On Marathon Monday, 27,000 registered runners, and thousands of unregistered runners, will take to the streets in Hopkinton, Massachusetts and pound the pavement for 26.2 miles to finish on Boylston Street in downtown Boston. As one of the oldest continuously-run marathons, the Boston Marathon is one of the hallmarks of running, the watermark for serious marathon competitors and a Boston tradition.
Boston is famous for the enthusiastic crowds that line every part of the course, especially along the infamous Heartbreak Hill – a 600-meter ascent between miles 20 and 21 - and the Wellesley Scream Tunnel, a decibel-breaking screamfest with signs made by hundreds of Wellesley University students at mile 13. An additional 8,000 volunteers will be on hand to deal with the logistics of the thousands of runners.
In the picture, last year's winners, Robert Kiprono Cheruiyot (Kenya), Teyba Erkesso (Ethiopia) and four-time winner Catherine Ndereba accept their bibs, with wheelchair-division winners Ernst Van Dyk and Wakako Tsuchida.
The 115 years of marathon have spawned dozens of legends and running greats. There’s 1970 winner Ron Hill, who set a course record on one of the worst weather days in marathon history, even though he didn’t wear a watch because of the “extra calories” it would cost him to carry the heavy metal band. Though he won't be competing on Monday, Hill, 72, still runs every day. Literally. Hill hasn’t missed a day of running since December 20, 1964. His unbroken running streak wasn’t even halted by a head-on car crash that broke his sternum into two separate pieces. Hill said he ran for eight days while feeling the two parts of his sternum rubbing against each other.
There’s also the “Iron Nun,” 80-year-old Sister Madonna Buder, who started running at age 47 after a priest suggested it for “spiritual enrichment.” Since then, she’s competed in over 300 races, including 40 Ironman Triathlons and countless marathons. Buder, who is the oldest female competitor, will be running her fourth Boston Marathon. “I’m trying to get [races] to start an 80+ division, because it didn’t seem fair [to compete with others in the 75+ age group],” Buder said on Saturday. “When I heard they had an 80+ division at Boston, I kind of felt obligated to run.” Her autobiography, The Grace to Race, was released in October.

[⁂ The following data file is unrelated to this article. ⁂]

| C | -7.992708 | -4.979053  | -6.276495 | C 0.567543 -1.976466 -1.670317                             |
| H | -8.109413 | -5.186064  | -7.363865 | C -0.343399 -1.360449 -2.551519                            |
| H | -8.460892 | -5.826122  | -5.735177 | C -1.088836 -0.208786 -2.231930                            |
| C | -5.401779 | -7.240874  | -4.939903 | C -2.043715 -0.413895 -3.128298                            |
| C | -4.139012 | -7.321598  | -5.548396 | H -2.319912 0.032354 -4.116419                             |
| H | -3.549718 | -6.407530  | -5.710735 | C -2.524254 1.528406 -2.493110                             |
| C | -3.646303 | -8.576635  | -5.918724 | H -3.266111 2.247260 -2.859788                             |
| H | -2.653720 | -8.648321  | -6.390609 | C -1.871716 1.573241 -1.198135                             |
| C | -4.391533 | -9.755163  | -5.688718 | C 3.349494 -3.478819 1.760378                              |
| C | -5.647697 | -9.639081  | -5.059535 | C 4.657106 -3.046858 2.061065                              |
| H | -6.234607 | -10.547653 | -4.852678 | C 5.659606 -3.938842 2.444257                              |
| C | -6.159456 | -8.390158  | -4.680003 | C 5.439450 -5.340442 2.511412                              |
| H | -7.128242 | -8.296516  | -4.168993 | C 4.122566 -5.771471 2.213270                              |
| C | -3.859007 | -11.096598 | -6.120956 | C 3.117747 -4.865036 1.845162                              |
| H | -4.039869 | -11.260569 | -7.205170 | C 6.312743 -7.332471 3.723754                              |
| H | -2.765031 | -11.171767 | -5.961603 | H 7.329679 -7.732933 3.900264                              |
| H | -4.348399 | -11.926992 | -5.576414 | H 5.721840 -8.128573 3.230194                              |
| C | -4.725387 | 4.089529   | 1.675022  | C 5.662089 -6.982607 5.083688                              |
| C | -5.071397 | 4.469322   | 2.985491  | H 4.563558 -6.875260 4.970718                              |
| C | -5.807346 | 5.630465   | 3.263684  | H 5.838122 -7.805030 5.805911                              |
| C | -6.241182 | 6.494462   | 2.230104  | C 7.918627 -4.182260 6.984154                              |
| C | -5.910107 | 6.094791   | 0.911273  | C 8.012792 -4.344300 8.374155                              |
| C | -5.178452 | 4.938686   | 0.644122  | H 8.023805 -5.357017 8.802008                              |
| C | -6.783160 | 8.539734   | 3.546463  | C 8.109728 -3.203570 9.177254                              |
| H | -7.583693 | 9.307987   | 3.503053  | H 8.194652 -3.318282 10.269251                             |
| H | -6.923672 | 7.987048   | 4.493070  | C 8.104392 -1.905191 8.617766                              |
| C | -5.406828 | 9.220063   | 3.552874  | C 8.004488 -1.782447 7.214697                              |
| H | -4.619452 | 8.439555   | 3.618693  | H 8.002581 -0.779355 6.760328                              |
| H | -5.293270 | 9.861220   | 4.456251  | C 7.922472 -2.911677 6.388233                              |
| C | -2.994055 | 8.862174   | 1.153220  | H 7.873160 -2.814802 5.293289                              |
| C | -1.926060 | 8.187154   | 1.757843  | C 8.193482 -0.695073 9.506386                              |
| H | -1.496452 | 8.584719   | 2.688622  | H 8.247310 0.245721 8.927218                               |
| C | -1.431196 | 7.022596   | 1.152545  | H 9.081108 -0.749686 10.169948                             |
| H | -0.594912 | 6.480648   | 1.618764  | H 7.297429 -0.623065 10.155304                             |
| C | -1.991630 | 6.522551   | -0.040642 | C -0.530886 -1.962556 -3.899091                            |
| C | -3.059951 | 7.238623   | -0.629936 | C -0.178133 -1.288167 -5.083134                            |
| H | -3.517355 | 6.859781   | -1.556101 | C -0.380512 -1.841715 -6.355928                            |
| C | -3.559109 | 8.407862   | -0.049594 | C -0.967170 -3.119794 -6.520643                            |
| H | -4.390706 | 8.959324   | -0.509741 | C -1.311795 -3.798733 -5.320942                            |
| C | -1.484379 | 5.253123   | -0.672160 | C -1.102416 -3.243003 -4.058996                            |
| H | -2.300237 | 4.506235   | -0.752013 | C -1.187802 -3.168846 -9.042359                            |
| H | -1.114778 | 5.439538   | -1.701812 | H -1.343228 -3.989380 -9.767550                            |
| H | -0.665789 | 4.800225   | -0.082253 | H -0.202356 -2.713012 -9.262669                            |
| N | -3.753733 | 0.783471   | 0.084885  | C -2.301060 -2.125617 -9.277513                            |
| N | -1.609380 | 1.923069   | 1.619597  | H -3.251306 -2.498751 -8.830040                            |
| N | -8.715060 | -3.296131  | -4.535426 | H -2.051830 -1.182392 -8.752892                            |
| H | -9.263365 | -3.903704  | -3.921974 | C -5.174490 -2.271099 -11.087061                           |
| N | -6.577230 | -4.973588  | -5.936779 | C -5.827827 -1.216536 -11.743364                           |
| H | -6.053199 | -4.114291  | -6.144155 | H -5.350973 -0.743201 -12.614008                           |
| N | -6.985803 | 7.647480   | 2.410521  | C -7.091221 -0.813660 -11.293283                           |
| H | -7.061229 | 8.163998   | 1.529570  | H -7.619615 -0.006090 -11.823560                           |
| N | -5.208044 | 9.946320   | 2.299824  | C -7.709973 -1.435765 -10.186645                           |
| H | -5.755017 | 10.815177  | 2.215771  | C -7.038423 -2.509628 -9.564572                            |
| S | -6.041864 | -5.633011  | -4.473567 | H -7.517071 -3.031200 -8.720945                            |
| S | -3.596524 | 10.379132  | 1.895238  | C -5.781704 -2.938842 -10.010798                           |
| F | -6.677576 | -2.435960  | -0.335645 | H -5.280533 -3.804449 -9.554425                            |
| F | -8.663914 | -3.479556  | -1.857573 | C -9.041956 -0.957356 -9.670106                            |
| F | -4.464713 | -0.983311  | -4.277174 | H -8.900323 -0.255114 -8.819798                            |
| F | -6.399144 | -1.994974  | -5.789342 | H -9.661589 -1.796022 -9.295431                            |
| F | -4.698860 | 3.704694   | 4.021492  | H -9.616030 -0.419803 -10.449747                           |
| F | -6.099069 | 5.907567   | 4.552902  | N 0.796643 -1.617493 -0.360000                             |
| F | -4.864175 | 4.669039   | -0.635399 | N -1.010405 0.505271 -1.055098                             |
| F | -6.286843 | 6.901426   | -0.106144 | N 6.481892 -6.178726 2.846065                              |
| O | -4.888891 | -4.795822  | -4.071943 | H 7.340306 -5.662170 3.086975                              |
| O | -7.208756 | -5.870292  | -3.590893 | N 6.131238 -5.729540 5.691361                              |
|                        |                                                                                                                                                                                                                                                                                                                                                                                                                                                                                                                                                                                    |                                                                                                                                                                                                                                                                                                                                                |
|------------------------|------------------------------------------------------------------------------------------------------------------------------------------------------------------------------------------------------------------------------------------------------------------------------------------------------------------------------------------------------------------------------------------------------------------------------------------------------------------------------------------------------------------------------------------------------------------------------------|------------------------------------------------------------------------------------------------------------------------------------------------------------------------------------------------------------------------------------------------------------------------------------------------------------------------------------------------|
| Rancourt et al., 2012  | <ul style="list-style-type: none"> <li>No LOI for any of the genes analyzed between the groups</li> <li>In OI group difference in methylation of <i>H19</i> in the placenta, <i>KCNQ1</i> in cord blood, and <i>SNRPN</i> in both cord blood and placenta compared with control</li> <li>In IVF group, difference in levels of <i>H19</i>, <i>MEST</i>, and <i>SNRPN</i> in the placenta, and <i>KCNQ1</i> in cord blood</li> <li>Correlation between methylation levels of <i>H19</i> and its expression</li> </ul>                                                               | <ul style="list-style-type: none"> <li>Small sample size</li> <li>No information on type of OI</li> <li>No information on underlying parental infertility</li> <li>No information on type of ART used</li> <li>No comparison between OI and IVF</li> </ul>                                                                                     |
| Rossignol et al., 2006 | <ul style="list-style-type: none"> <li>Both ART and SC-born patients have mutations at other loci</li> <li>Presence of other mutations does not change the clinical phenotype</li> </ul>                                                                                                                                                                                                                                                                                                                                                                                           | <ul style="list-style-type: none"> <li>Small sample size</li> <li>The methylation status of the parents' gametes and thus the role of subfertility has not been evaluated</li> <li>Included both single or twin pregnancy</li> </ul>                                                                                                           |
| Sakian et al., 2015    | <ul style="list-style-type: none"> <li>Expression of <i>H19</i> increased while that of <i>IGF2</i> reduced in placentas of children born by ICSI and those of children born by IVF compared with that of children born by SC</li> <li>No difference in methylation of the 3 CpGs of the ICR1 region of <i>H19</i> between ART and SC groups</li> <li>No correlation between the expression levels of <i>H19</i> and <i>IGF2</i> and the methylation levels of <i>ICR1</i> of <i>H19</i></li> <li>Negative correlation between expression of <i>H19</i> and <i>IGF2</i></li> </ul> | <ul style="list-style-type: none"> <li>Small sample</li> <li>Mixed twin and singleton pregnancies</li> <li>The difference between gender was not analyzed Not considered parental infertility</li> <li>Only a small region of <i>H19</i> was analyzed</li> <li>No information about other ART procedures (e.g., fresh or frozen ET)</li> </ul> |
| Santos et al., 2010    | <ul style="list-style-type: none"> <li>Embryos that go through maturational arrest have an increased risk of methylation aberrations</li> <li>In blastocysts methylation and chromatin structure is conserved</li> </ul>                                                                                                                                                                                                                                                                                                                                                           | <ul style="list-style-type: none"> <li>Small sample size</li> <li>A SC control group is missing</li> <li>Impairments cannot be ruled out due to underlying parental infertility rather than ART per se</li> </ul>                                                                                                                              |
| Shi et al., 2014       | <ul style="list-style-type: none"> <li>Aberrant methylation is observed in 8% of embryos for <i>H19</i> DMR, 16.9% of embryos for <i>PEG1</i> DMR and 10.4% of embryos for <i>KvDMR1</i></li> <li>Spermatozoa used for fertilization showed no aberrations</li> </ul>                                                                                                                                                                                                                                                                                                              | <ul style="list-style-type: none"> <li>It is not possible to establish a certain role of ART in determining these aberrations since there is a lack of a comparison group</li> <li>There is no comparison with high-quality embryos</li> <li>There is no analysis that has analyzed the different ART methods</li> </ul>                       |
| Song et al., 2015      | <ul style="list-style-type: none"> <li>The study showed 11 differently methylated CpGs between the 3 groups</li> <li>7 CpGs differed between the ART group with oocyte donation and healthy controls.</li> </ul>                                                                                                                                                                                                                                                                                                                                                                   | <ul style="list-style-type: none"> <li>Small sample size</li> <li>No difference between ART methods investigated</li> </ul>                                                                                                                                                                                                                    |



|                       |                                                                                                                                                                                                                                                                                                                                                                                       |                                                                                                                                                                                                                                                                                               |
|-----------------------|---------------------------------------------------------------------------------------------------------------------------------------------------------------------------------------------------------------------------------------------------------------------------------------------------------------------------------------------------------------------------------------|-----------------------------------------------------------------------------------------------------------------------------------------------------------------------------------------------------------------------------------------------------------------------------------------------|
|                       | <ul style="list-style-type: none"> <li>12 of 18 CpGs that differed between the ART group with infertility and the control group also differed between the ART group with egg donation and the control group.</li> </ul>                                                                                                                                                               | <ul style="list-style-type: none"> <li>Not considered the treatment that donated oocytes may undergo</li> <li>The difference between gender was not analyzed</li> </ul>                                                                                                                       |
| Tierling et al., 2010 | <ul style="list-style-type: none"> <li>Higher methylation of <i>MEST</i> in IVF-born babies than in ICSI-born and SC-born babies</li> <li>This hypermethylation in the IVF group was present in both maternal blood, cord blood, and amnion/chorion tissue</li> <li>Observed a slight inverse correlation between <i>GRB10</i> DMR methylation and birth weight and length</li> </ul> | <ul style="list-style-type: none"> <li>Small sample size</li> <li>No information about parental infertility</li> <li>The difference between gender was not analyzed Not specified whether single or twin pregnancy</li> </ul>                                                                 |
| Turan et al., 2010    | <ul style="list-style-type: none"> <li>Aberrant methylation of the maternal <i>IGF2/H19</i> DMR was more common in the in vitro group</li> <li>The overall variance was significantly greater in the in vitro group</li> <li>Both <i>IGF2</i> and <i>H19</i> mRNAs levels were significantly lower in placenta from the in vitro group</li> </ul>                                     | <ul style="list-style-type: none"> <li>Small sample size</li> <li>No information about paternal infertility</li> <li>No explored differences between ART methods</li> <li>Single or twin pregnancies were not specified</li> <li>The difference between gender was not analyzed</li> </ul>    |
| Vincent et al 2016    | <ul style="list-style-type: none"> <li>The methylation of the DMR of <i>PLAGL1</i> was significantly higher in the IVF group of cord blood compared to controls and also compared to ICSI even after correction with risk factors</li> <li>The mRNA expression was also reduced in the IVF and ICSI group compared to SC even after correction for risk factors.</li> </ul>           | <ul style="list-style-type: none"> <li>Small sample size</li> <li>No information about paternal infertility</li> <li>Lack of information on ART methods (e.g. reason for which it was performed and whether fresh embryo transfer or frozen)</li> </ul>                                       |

When Wakako Tsuchida goes for her fifth win in the women’s wheelchair division, she doesn’t expect many people to be following her at home in Japan, where people are still distracted by the March 11 earthquake and the frequent aftershocks. “I can’t stop the earthquakes myself, but I can do what I do, which is compete,” said Tsuchida just two days before the Boston Marathon. A Tokyo resident, Tsuchida was already planning on traveling to hilly areas in Japan to train for Boston’s challenging inclines, but she pushed her travel up to leave Tokyo sooner amid concerns for additional earthquakes and nuclear contamination.
Tsuchida was joined on Sunday at a pre-marathon Champion’s Breakfast by 2007 men’s wheelchair division winner Masazumi Soejima, the only person able to break up nine-time men’s wheelchair winner Ernst Van Dyk’s consecutive victories, from South Africa. Like Tsuchida, he knows that this race will have added meaning given everything his country has gone through in the past few months. “If I win it will show everyone I’ve been trying very hard for them,” he said.
For more information about the competitors, check out the Boston Marathon Official Website.
The race starts at 9 AM on Monday. Watch live at universalsports.com